My book was on sale at the conference for twenty euros, but no one was buying it, and in the end I asked the publisher to let me have it to give to one of the plenary speakers, someone whom I had wanted to give it to for a while. I got the book and as I sat in a session and thumbed through it, I worried that she had left the conference already. This is okay, I thought, not that bad, before finding a spelling error and a poorly written sentence and stuffing it in my bag. When the session ended, I went in search of Elena, the speaker, and had a sense that she would be sitting outside, under a tree in the shade, which she was. I went down with it and gave it to her, You might find this useful, I said, and went back to another session.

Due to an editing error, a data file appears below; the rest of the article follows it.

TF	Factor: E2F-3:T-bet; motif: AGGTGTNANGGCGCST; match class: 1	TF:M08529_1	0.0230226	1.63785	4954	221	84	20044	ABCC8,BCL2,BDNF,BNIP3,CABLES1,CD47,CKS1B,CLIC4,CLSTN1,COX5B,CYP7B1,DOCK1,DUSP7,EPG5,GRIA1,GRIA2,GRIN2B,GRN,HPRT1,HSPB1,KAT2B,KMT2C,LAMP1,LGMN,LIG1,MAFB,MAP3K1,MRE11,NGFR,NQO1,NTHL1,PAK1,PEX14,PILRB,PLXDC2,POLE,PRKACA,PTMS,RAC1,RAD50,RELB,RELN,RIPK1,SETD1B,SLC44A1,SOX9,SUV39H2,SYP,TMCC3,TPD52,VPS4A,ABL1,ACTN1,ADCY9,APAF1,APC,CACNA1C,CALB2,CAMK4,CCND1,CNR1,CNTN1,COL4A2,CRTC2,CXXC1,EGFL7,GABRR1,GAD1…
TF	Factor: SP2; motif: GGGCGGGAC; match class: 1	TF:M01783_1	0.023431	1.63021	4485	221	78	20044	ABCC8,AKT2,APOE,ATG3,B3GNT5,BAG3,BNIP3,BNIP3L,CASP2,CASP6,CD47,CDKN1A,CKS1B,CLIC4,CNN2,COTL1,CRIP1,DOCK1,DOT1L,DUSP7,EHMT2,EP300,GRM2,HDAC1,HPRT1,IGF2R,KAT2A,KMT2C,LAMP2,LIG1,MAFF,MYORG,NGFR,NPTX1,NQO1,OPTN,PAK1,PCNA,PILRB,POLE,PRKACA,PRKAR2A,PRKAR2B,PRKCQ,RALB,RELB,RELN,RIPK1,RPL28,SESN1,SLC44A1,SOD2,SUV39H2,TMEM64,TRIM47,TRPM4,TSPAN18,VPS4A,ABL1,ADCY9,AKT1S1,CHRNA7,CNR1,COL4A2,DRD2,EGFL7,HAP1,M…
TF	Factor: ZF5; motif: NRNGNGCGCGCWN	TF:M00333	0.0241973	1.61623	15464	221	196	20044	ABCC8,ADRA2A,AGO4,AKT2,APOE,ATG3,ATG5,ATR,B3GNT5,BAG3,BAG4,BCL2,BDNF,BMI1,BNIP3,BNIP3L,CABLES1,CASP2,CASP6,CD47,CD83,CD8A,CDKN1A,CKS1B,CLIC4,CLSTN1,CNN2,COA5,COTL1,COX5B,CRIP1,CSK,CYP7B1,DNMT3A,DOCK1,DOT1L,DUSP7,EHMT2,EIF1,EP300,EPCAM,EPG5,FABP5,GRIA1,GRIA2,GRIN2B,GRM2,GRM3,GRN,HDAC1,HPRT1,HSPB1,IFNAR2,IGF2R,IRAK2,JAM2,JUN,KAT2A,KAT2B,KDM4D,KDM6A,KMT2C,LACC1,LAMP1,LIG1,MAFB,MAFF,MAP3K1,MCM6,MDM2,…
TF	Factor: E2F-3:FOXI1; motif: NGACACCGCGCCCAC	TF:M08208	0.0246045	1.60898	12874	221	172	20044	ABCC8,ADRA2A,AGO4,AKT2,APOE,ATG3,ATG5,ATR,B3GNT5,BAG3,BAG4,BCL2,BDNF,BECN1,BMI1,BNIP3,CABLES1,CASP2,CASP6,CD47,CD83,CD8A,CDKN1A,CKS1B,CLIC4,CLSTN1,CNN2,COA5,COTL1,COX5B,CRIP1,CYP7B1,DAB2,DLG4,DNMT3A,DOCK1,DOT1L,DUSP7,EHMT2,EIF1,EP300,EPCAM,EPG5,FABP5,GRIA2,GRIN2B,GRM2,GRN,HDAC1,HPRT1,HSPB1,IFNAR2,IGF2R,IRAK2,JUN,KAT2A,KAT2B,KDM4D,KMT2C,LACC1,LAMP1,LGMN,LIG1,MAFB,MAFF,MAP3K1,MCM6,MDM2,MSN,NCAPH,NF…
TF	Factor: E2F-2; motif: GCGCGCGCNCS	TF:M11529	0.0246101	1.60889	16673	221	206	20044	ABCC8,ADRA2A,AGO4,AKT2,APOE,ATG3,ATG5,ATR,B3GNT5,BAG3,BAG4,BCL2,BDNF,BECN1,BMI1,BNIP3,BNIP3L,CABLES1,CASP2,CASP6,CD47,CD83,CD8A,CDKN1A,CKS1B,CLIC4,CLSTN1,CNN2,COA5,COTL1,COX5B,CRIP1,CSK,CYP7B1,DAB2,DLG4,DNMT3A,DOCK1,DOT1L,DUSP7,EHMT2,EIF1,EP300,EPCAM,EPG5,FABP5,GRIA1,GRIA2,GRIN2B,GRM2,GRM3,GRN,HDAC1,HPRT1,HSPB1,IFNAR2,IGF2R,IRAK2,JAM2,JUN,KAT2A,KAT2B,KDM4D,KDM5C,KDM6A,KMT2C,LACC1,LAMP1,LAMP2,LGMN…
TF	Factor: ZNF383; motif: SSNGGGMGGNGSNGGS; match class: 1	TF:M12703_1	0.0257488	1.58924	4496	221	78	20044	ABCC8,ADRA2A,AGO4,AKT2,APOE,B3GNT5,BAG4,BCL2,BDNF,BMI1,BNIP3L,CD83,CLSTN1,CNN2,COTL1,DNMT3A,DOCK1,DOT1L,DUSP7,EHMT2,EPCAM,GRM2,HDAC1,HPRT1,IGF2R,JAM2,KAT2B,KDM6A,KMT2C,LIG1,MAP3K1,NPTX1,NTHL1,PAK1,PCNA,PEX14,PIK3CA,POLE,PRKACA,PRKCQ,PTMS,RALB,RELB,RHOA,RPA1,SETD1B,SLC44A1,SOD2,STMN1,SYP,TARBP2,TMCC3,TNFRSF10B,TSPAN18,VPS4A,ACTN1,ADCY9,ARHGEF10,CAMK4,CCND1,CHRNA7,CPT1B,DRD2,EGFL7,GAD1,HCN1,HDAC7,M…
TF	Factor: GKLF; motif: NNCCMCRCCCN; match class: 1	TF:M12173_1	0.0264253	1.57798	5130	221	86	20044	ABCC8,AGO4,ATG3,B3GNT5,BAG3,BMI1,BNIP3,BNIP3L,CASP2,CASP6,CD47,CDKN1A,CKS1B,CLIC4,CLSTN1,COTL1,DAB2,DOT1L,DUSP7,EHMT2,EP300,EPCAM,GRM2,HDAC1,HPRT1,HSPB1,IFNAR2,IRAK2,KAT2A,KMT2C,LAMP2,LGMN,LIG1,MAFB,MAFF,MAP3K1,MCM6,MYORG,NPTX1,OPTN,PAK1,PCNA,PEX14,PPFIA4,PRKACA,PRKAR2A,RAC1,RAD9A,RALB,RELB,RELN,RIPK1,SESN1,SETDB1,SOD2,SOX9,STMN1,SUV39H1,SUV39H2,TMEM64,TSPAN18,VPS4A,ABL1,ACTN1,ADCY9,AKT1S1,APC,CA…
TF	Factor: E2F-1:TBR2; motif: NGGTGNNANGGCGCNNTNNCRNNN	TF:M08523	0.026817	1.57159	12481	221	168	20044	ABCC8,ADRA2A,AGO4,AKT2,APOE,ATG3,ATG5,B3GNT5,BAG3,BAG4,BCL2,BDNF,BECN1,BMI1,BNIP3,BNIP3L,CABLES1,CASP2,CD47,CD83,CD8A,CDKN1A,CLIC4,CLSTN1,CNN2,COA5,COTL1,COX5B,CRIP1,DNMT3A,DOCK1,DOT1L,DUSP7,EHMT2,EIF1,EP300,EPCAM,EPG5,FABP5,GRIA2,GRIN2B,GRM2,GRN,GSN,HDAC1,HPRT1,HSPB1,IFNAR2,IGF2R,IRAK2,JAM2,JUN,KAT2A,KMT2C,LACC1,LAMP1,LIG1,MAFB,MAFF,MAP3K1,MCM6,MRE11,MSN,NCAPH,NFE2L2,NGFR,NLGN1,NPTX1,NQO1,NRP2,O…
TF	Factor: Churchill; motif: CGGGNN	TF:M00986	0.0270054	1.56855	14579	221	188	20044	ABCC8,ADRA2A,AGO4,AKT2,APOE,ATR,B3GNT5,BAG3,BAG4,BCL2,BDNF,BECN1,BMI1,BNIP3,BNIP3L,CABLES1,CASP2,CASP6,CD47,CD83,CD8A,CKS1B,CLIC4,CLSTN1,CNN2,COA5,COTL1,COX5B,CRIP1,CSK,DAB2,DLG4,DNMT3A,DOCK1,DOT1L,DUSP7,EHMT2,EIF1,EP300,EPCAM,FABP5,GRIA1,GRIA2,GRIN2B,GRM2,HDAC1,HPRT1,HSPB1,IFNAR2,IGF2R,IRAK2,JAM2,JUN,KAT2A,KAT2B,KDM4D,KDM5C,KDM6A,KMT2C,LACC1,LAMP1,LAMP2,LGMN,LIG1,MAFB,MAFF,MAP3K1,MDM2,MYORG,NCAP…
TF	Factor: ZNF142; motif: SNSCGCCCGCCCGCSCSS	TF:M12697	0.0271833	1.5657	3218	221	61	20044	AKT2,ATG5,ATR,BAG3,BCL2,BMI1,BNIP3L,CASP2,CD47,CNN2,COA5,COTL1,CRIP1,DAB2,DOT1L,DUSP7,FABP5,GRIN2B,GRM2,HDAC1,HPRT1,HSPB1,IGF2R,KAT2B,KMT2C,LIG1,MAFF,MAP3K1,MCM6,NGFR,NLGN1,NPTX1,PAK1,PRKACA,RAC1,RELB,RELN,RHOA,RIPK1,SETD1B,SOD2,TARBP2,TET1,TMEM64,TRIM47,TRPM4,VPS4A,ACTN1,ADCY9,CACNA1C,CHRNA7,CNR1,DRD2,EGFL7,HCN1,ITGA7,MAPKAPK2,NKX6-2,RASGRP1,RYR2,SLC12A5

I went running on Saturday morning with a Japanese colleague, although we didn't speak any Japanese and he was a much faster runner than me. I felt like an ox next to him, and said at one point, you should set the pace, it's been too long since I've run. It was early and the Sardinian baby boomers, the ones you can imagine have been told then need to take tablets and get some exercise, were out jogging and walking on the sea front. We took a narrow path on the road, towards the river and the centre of the island. Suddenly, and without warning, I tripped and fell on my hands and knees, immediately shocked and embarrassed. I fell down, I said, and got up wanting to keep running, to pretend it didn't happen, but we walked a short way. I was fine — an ox is resilient, but I felt like a child the way you do when you fall. I scrapped my knees; I'm okay.